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Now that we've finished the Crimson Text site, let's take a look at how using Crimson Text, an old style font, affects the look and feel of the site. Let's compare Crimson Text to Calluna. Calluna was the Venetian font we used in the last chapter. If you just sort of relax your eyes, don't look at the detail, but look at the overall texture of the page, Crimson Text looks older, inkier, more pen-formed than Calluna. Based on the history of the two fonts, Venetian is the older, more pen-formed approach to type design.
This is sort of surprising, but remember, we chose a more contemporary approach to Venetian fonts when we chose Calluna. Yes, if we look at the main heading, we can see the rising crossbar on the E. We can see the pen-formed head serifs on the H, the L, and the D, and we can even see the angled serif under descender of the P. But Calluna also has a stylized approach to the letters. The relationship between thick and thins is relatively even. The letters are crisp, the x-height is relatively large.
On the other hand, we chose a more pen-formed old style when we chose Crimson Text. It too has the pen-formed head serifs on the L, the D, and the H. It also has a smaller x-height than Calluna and an A with a smaller closed counter, and a more pen-formed terminal and bowl. Finally, Crimson Text's thicker shoulder on the N and H help create slightly darker, more inkier looking spots in the texture of the text.
If we had chosen an older looking Venetian font, like Jenson, and a less pen-formed old style font like Caslon, we'd have a completely different visual experience looking at these pages. It's important to remember that even within a typeface classification, like Venetian and old style, there is a wide range of fonts to choose from. The other element that makes the Crimson Text page feels so old and pen-formed is the italic. Let's scroll over here and look at this italic; it has some lovely details.
Looking at the library quote, and you'll find an extra loop on the arm of the lowercase k. You'll also find a lovely terminal at the end of the F. If we look at the italic on the Calluna, we can see it also has a loop on the K, but it does not have the terminal on the end of the lowercase f. Crimson Text's italic is a little bit narrower than I like to use, but it's okay with small amounts of text in the situation, and the narrow calligraphic forms are actually what make it feel so old.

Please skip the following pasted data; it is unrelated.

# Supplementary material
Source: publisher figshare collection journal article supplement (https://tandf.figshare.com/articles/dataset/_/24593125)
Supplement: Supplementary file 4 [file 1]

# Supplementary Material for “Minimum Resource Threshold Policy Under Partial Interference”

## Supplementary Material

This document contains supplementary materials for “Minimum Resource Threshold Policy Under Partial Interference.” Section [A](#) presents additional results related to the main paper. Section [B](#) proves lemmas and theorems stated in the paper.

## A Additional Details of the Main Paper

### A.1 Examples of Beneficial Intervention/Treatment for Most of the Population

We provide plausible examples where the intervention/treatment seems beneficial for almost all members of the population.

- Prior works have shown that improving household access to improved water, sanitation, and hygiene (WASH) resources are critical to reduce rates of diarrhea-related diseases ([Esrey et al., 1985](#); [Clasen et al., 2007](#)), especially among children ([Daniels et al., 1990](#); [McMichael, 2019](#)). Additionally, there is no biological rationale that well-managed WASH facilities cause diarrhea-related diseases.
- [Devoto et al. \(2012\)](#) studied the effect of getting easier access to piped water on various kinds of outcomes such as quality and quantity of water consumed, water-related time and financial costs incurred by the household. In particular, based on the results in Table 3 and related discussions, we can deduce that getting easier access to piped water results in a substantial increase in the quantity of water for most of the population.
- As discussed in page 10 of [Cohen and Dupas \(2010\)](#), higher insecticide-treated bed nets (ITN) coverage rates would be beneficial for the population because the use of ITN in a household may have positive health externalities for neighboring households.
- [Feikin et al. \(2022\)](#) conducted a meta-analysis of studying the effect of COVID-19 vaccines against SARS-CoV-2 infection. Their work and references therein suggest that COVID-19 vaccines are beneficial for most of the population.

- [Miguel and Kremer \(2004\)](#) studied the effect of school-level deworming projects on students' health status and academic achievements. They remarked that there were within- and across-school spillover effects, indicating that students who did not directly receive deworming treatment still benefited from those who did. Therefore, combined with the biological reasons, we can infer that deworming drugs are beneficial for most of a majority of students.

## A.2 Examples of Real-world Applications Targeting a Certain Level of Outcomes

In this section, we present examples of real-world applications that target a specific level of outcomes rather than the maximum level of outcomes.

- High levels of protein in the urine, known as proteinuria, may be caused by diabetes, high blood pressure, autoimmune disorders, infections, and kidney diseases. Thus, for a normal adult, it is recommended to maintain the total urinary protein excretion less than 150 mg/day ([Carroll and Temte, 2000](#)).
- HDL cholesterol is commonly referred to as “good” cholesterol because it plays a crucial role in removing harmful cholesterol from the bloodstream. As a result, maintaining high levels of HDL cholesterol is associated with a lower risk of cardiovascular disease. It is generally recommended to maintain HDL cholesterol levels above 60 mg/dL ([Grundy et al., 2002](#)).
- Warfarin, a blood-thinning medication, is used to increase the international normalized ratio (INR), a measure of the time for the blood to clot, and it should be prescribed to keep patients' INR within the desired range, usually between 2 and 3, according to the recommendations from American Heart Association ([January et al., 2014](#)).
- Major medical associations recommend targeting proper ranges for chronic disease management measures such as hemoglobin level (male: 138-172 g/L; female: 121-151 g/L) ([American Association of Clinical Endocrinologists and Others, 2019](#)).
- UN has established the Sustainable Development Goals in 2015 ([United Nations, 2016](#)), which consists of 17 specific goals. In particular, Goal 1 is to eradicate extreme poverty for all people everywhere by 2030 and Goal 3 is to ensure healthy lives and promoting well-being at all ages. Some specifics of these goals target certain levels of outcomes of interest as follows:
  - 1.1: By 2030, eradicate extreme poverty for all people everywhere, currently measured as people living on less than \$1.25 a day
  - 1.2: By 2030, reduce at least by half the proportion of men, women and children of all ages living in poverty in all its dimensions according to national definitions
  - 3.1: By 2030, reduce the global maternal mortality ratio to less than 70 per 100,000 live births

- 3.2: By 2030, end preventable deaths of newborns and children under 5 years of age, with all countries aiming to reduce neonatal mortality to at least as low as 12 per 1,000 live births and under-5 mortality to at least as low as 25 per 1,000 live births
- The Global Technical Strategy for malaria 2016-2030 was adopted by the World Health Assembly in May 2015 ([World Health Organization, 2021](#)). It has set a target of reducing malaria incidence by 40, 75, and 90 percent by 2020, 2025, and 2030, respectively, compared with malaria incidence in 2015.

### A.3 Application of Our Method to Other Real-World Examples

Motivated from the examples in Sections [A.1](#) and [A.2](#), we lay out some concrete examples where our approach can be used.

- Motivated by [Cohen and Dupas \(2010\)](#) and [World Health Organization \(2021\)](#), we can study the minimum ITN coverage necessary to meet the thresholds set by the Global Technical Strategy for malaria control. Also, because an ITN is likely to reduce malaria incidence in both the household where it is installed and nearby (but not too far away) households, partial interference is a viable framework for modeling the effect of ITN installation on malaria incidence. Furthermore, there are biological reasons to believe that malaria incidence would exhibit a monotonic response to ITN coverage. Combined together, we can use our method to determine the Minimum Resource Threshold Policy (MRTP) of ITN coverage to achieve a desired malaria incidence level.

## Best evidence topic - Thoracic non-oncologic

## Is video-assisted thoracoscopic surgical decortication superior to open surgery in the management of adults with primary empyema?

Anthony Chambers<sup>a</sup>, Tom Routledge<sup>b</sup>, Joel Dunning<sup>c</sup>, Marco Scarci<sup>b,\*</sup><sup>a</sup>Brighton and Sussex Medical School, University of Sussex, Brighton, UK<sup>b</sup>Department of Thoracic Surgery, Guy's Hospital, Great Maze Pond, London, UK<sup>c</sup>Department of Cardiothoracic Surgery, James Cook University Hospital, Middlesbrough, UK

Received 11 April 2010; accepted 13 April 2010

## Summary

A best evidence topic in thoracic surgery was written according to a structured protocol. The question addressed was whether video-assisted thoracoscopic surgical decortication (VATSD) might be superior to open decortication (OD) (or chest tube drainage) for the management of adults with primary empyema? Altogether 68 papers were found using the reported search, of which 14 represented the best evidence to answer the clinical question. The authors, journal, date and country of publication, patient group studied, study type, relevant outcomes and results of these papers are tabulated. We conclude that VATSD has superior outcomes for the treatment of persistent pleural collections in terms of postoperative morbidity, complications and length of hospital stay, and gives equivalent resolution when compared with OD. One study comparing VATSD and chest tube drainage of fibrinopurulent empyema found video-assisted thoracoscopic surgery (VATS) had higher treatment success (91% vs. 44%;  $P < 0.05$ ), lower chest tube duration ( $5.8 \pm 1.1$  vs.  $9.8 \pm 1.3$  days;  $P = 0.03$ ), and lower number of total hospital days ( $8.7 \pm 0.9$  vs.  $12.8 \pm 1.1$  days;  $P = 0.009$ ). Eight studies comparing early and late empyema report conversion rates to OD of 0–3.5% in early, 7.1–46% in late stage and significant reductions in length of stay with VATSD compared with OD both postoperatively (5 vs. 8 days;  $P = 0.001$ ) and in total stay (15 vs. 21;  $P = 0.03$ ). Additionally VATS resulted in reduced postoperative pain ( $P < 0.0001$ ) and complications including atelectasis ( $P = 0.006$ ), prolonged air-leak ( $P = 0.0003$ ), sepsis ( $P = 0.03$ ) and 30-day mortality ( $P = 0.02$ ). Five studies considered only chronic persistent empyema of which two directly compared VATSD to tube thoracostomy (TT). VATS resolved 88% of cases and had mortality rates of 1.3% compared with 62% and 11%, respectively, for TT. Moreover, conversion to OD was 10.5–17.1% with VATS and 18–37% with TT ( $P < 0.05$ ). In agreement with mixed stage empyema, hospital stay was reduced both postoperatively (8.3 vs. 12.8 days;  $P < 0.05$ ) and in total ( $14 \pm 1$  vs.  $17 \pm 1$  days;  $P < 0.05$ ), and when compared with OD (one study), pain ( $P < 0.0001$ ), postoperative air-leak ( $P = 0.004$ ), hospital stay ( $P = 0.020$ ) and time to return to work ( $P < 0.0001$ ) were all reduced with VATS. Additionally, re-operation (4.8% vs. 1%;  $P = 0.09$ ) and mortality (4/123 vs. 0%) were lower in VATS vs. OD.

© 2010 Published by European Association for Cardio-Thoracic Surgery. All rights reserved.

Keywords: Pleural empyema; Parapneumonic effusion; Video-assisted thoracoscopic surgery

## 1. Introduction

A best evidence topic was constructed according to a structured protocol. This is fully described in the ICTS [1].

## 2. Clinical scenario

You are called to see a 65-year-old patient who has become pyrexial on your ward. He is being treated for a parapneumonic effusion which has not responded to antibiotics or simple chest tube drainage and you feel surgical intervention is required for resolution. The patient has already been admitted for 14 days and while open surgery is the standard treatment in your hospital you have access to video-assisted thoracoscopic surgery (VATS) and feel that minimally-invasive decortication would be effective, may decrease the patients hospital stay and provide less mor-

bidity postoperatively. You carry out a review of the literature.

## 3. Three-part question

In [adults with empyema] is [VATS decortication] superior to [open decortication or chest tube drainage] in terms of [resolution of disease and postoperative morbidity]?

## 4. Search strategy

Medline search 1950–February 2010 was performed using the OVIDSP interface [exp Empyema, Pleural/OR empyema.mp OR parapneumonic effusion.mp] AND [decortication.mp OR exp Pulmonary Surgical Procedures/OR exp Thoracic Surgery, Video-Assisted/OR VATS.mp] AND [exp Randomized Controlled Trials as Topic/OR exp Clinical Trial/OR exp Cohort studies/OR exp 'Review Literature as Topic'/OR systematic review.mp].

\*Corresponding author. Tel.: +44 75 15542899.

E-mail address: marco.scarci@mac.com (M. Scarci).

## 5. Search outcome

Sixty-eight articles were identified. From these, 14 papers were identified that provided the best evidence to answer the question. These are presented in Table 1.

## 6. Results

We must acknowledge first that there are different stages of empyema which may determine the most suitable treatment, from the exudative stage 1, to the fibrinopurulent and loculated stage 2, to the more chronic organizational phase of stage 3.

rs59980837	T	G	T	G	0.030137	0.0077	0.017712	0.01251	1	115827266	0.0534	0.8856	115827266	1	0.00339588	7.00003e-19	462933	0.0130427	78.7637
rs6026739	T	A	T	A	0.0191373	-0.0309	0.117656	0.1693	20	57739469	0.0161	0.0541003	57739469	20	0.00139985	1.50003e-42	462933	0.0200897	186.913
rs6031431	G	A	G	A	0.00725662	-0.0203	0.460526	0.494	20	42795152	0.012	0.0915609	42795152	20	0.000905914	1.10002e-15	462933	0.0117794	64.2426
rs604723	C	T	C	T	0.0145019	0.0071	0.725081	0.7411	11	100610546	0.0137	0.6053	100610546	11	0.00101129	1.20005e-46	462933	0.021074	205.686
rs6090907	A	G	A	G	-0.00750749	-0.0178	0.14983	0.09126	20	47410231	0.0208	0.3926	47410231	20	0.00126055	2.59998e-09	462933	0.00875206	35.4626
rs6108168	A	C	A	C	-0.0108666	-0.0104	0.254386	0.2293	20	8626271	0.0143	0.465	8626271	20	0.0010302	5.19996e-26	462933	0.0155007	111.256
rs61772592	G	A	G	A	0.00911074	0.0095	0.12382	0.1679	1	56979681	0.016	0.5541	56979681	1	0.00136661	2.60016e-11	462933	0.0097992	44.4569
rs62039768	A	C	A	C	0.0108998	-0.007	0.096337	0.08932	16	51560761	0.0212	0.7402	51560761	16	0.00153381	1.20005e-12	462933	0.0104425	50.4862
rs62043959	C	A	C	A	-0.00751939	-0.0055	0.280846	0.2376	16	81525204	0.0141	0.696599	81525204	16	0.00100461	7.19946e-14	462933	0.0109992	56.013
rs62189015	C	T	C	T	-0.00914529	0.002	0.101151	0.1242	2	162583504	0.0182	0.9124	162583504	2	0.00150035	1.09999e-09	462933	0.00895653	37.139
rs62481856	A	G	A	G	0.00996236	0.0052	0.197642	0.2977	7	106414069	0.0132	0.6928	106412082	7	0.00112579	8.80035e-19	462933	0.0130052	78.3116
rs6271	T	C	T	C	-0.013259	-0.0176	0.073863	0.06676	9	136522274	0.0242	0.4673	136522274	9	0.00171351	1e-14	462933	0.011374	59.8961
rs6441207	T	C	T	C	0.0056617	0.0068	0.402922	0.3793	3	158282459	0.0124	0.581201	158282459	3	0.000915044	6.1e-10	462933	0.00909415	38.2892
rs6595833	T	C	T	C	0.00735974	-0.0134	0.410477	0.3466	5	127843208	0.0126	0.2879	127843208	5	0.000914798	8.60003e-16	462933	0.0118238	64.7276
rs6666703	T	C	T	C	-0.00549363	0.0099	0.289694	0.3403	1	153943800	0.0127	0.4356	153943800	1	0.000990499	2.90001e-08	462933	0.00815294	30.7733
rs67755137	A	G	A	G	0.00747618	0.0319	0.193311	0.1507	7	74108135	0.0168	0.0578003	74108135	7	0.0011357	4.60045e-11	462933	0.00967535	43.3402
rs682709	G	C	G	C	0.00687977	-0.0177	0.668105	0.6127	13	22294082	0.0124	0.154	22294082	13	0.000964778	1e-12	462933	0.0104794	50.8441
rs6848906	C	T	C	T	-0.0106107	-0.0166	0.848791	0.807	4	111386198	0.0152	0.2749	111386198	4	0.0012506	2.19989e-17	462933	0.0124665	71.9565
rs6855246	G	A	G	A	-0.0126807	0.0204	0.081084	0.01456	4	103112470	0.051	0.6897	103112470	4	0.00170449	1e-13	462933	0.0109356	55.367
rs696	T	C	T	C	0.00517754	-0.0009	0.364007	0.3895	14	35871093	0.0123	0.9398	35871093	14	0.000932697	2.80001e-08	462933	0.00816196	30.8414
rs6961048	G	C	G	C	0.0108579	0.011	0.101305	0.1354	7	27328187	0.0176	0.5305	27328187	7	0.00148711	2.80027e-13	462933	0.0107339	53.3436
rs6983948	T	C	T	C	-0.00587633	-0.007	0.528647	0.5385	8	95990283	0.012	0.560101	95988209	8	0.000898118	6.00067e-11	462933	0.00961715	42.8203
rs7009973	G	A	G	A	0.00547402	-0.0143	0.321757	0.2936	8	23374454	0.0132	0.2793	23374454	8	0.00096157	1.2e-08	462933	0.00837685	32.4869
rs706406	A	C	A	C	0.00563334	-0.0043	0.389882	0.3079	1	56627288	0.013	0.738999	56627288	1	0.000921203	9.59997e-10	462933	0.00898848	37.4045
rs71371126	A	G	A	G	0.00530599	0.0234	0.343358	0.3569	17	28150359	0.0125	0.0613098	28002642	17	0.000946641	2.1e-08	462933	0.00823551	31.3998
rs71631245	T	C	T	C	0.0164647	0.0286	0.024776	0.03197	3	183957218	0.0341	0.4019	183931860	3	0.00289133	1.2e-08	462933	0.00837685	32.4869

I enjoy Crimson Text; it's a pretty good font for being a free font. It offers a variety of weights and styles, it holds up fairly well cross-browser, and it has some beautiful letter forms. But I'd be remiss if I didn't point out one of its faults: it has spacing problems, which unfortunately stands out quite a bit on this site. Let's take a look at the word Welcome here at the very top of the page, the very first word we see, and the space between the W and the E is just too wide.
It begins to read as W-elcome. If we go back to the quote, we can see the same problem in the word benefit. It becomes Benef-it, and you'll remember from when we looked at this page in Internet Explorer; there were some spacing issues with the italics in the quote. This is an unfortunate problem in an otherwise very pleasing font, but you should be aware of it. You'll often find problems like these in fonts that aren't supported by a person or even a team of people that can put in the hours required to properly space and hint every letter and combinations of letters. It's a big job.
Having pointed out the spacing problems, I have to say, it's a good font that does its job quite well. If you're currently only able to use free fonts, this is a font you should keep in mind, and consider using, especially if your project does not need an italic. It has some lovely features.
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